The Schmidt Brothers

Lars Schmidt
1886 – 14 September 1890

Eddie Schmidt
28 April 1888 – 28 August 1890

Rudolph Schmidt
19 September 1891 – before 1900

Baby Schmidt

This little headstone is quite famous, mentioned in guide books and identified on the Forest Home tourist handouts as a destination to visit. The two little brothers, Eddie still in his Victorian-era-standard baby dress, and very proper Lars are immortalized forever side-by-side. According to Graveyards of Chicago, The brothers died of diphtheria two days apart in 1890, but their death records differ, indicating that little brother Eddie died seventeen days before Lars.

Their father was a local undertaker, and he and their mother Friedericka “Frieda” (nee Banks), who both died over forty years after their sons, are buried nearby.

While researching this, I discovered that their father was none other than the Lars Schmidt who was the son of Liesette whose deeply-worn Concordia headstone I sleuthed way back in January so she would have been the boys’ grandmother. Seriously, this happens so often, and considering the literal tens of thousands of burials in just these two cemeteries, it’s somewhat surprising how often I end up discovering family members of others I’ve researched.

Eddie’s death record lists Concordia as his cemetery, while Lars’ specifies Waldheim (now Forest Home), so it’s possible Eddie was interred with his paternal grandfather Fritz (who I believe is also buried with Liesette). It does seem odd they’d bury one child in one cemetery and the other in another, so I’m going to have to check with the office and see what their records say. Since the death records are just transcripts and no facsimile record is available on, it’s also possible something was mistranslated.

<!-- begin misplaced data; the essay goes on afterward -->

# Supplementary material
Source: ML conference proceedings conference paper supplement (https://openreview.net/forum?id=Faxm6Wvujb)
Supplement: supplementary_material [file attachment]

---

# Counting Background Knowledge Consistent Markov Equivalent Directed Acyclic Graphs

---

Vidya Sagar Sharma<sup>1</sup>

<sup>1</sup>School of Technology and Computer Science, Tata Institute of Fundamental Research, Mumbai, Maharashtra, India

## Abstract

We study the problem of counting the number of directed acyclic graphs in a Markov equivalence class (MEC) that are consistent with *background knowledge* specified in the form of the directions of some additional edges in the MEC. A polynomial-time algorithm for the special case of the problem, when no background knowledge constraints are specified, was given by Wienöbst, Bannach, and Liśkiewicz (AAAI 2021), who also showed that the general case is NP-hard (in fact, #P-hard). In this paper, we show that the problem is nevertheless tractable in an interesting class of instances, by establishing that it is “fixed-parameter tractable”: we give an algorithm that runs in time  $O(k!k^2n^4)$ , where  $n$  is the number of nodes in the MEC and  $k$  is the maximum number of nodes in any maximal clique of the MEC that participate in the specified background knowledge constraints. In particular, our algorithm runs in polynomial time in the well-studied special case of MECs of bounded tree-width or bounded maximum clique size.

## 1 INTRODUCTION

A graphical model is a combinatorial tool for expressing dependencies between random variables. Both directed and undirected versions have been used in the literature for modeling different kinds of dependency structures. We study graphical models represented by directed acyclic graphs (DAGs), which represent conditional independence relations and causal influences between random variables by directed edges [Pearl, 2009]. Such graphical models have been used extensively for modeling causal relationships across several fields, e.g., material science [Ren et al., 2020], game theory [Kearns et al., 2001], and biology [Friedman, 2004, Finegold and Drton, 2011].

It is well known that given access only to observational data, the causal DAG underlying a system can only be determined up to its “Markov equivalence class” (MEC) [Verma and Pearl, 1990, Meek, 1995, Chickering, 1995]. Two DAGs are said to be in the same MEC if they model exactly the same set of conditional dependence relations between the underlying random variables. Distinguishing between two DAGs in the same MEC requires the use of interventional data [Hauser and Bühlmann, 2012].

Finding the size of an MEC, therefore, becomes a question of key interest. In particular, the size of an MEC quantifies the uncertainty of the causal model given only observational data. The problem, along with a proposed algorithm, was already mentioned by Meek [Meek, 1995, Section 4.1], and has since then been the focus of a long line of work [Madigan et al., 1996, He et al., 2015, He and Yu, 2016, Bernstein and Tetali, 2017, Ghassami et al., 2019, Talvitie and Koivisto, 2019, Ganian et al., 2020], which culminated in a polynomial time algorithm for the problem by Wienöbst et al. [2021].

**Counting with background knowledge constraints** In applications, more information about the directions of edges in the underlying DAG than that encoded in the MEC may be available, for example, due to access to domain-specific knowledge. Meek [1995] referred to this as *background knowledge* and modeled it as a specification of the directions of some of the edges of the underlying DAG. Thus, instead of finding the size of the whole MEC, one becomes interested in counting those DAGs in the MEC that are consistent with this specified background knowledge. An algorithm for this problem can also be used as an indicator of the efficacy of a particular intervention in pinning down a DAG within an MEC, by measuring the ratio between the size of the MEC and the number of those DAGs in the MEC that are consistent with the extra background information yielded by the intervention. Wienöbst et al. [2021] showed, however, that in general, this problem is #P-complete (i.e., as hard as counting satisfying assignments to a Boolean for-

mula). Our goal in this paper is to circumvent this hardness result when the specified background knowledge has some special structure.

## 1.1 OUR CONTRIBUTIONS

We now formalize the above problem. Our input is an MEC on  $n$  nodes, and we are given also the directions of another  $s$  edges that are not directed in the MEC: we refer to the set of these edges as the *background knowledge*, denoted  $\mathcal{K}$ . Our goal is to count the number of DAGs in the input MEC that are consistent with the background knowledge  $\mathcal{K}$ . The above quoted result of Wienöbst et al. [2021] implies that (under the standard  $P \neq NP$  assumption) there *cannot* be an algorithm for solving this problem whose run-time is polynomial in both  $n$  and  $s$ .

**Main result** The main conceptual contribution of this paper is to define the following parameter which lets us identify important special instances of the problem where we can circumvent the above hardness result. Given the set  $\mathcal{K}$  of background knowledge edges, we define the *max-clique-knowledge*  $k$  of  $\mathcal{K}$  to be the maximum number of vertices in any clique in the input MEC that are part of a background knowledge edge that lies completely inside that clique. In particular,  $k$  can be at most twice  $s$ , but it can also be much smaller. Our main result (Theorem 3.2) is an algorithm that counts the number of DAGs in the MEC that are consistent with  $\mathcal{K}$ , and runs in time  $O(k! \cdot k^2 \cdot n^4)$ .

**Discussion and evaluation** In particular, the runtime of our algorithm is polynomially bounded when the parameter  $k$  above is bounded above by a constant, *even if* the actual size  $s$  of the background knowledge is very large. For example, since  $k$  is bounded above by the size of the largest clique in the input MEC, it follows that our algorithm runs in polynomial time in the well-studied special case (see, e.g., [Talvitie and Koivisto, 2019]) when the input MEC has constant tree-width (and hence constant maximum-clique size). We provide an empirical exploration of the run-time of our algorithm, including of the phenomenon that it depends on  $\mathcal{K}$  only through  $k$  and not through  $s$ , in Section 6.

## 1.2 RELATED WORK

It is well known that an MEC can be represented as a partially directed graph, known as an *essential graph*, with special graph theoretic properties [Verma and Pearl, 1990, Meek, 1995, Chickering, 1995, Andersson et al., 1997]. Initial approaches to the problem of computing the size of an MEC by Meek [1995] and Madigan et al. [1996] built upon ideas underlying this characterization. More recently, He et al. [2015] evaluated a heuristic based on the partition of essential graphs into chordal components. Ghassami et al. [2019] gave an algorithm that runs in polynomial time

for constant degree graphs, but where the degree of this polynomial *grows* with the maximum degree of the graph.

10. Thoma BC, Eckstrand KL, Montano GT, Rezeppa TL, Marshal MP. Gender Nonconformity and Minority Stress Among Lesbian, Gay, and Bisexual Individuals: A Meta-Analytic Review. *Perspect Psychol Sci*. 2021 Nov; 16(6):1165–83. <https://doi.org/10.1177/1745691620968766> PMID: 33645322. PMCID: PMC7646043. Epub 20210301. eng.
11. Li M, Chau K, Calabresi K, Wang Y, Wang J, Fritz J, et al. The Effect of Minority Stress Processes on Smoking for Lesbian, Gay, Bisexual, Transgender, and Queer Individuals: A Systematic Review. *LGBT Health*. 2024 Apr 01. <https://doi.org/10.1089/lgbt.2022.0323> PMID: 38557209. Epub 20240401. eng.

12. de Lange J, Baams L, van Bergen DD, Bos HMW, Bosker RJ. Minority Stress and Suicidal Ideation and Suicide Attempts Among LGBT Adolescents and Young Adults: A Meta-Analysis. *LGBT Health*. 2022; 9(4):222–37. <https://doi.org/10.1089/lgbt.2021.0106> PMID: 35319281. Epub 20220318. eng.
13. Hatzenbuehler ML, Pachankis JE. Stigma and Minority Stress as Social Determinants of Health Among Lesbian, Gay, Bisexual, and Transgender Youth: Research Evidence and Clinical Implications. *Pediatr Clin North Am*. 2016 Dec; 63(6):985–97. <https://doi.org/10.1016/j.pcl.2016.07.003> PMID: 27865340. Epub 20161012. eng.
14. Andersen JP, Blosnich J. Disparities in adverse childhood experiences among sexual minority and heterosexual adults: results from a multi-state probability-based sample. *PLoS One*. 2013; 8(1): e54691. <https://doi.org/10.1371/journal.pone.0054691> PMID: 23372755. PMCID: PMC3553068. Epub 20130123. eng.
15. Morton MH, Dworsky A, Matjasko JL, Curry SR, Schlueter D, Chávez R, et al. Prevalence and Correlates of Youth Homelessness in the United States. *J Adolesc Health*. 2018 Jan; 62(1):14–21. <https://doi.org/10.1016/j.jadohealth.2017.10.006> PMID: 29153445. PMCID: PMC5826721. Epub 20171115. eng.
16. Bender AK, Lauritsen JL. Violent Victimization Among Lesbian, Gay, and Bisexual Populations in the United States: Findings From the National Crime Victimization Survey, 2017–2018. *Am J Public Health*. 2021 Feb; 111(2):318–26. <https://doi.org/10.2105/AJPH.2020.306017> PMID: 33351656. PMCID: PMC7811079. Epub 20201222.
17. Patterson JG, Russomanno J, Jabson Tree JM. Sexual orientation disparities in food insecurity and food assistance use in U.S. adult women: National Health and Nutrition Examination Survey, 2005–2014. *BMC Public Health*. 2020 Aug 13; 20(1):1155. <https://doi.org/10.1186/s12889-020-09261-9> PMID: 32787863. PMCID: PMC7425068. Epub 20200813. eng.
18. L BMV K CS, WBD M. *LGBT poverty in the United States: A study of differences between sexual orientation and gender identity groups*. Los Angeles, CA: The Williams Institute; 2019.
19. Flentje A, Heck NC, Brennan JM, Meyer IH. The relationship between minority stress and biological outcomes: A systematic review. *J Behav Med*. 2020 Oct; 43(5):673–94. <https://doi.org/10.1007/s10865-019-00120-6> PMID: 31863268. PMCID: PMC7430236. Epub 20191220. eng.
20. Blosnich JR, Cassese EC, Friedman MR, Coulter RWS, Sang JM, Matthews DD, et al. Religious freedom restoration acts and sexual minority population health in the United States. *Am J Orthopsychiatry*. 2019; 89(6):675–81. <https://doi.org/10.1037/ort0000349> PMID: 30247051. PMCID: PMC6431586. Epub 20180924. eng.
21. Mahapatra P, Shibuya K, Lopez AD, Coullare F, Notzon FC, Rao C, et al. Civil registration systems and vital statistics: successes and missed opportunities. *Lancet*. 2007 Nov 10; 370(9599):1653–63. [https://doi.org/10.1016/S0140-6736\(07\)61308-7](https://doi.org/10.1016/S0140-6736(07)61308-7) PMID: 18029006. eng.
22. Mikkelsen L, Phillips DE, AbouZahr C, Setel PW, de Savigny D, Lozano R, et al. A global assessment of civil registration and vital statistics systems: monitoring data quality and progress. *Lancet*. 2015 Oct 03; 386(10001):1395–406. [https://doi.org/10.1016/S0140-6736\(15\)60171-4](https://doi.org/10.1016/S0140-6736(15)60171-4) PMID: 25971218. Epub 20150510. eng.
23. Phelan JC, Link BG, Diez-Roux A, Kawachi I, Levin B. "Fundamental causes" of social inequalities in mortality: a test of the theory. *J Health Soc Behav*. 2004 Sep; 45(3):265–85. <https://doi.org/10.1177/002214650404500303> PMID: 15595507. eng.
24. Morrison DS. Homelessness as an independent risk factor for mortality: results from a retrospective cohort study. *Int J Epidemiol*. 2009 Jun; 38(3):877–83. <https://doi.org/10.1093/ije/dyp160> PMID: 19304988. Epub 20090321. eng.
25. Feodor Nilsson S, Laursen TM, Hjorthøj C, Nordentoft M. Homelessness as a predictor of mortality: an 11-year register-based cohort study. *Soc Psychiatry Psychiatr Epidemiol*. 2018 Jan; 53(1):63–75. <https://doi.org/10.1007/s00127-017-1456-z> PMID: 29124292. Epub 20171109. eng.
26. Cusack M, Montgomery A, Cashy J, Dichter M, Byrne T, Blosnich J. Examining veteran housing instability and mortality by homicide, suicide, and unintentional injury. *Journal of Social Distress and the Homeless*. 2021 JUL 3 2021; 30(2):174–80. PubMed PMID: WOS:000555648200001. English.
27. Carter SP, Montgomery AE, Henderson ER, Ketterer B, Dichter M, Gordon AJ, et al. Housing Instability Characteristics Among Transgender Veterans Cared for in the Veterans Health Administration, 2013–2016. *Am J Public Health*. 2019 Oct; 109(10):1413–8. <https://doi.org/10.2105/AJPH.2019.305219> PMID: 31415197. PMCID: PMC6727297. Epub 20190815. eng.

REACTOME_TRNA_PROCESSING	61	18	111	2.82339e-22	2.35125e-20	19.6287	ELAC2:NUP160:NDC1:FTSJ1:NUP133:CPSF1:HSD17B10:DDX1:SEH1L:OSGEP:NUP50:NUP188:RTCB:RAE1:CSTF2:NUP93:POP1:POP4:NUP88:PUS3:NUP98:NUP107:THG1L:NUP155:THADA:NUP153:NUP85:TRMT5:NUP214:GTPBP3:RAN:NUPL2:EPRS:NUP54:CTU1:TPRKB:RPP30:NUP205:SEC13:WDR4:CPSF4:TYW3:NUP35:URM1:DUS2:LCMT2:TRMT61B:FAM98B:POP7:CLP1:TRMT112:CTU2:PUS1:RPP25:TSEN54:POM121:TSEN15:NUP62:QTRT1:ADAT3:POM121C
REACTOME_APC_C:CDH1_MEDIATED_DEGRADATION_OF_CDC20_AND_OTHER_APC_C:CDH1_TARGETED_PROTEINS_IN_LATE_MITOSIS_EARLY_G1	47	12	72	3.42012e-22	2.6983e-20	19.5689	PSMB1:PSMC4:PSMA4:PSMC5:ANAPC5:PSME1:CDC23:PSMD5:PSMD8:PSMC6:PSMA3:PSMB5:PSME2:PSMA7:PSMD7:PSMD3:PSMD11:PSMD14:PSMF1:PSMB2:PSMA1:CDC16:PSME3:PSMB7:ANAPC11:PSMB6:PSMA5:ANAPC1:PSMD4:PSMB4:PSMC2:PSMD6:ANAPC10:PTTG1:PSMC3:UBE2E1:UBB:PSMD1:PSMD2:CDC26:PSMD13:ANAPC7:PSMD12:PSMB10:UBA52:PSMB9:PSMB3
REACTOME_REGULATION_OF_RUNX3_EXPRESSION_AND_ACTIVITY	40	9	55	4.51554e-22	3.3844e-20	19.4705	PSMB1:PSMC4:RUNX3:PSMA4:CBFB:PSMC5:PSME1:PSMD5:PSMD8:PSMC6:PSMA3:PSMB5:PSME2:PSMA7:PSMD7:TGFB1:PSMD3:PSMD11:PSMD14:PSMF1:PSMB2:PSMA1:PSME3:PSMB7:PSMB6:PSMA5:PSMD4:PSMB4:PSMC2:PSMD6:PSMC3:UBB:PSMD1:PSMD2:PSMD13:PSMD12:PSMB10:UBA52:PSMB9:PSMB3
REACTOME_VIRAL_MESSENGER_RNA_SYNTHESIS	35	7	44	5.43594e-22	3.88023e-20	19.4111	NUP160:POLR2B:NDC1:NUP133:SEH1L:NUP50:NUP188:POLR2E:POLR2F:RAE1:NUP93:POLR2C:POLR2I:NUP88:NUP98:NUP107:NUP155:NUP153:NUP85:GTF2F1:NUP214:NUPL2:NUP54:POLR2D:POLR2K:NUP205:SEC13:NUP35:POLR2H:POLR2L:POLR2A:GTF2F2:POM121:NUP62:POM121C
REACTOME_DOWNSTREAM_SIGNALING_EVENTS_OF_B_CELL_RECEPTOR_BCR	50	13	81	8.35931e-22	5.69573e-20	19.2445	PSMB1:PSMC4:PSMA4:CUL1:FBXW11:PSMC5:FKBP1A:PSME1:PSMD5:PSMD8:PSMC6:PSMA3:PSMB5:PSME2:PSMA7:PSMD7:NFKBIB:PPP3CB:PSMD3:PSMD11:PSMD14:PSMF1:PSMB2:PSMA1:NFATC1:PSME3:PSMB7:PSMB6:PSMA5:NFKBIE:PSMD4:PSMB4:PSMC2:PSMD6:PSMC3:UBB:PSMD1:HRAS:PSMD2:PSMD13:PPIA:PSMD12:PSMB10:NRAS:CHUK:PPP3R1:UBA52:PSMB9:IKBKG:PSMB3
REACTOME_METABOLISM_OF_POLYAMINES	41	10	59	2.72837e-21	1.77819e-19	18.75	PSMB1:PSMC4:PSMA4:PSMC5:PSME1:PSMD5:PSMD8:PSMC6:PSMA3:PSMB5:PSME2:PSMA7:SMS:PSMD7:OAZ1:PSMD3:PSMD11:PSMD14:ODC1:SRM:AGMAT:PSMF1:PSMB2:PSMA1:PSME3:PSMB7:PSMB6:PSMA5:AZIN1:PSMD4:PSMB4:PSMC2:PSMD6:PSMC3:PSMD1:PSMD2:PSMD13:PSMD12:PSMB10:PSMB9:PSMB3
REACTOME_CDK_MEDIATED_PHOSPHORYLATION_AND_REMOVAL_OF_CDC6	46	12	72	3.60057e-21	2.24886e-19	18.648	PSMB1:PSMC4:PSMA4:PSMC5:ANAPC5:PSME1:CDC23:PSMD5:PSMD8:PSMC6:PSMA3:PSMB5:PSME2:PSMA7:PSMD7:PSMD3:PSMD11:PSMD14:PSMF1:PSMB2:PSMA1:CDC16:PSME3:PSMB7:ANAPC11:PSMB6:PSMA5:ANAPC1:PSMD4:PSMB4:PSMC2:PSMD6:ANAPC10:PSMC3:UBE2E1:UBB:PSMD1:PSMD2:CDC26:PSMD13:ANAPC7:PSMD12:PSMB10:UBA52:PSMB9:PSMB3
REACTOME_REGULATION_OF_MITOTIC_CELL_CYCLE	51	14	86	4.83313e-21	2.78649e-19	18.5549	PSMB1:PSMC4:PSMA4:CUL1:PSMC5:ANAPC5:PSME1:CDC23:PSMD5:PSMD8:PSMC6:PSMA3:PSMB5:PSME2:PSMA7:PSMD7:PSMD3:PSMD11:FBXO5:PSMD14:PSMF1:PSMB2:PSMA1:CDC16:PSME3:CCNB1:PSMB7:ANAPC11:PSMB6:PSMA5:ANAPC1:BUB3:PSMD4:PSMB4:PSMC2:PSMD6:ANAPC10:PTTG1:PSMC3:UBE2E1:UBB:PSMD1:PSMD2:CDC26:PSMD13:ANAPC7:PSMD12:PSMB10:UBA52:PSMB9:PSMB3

Visitors often leave little toys for the boys, though the ones I have photos of have been there for several months, a small stuffed dog toy and a little matchbox car. Beside their shared monument are two more little graves of young children, their markers worn and unreadable, but sometimes they receive presents as well. I believe these are graves for two less-famous siblings of the boys. One is almost certainly Rudolph who was born in 1891 and died in before 1900, but there was also one other lost-too-soon child who was born after Rudolph (whose birth record states he was the third born to Frieda) and who also died before 1900.

The 1900 census lists only two living daughters for Lars and Frieda and on the 1910 census, she listed three children surviving of seven born, and those three daughters did survive to adulthood and outlived their parents.

My maternal great aunt Ethel (my grandfather and Great Aunt Dottie‘s oldest sister) died of diphtheria in 1901, and it’s likely many of the no-cause-listed young deaths I find in cemeteries and via research are due to this cause. Thank you again vaccines.

RIP little ones

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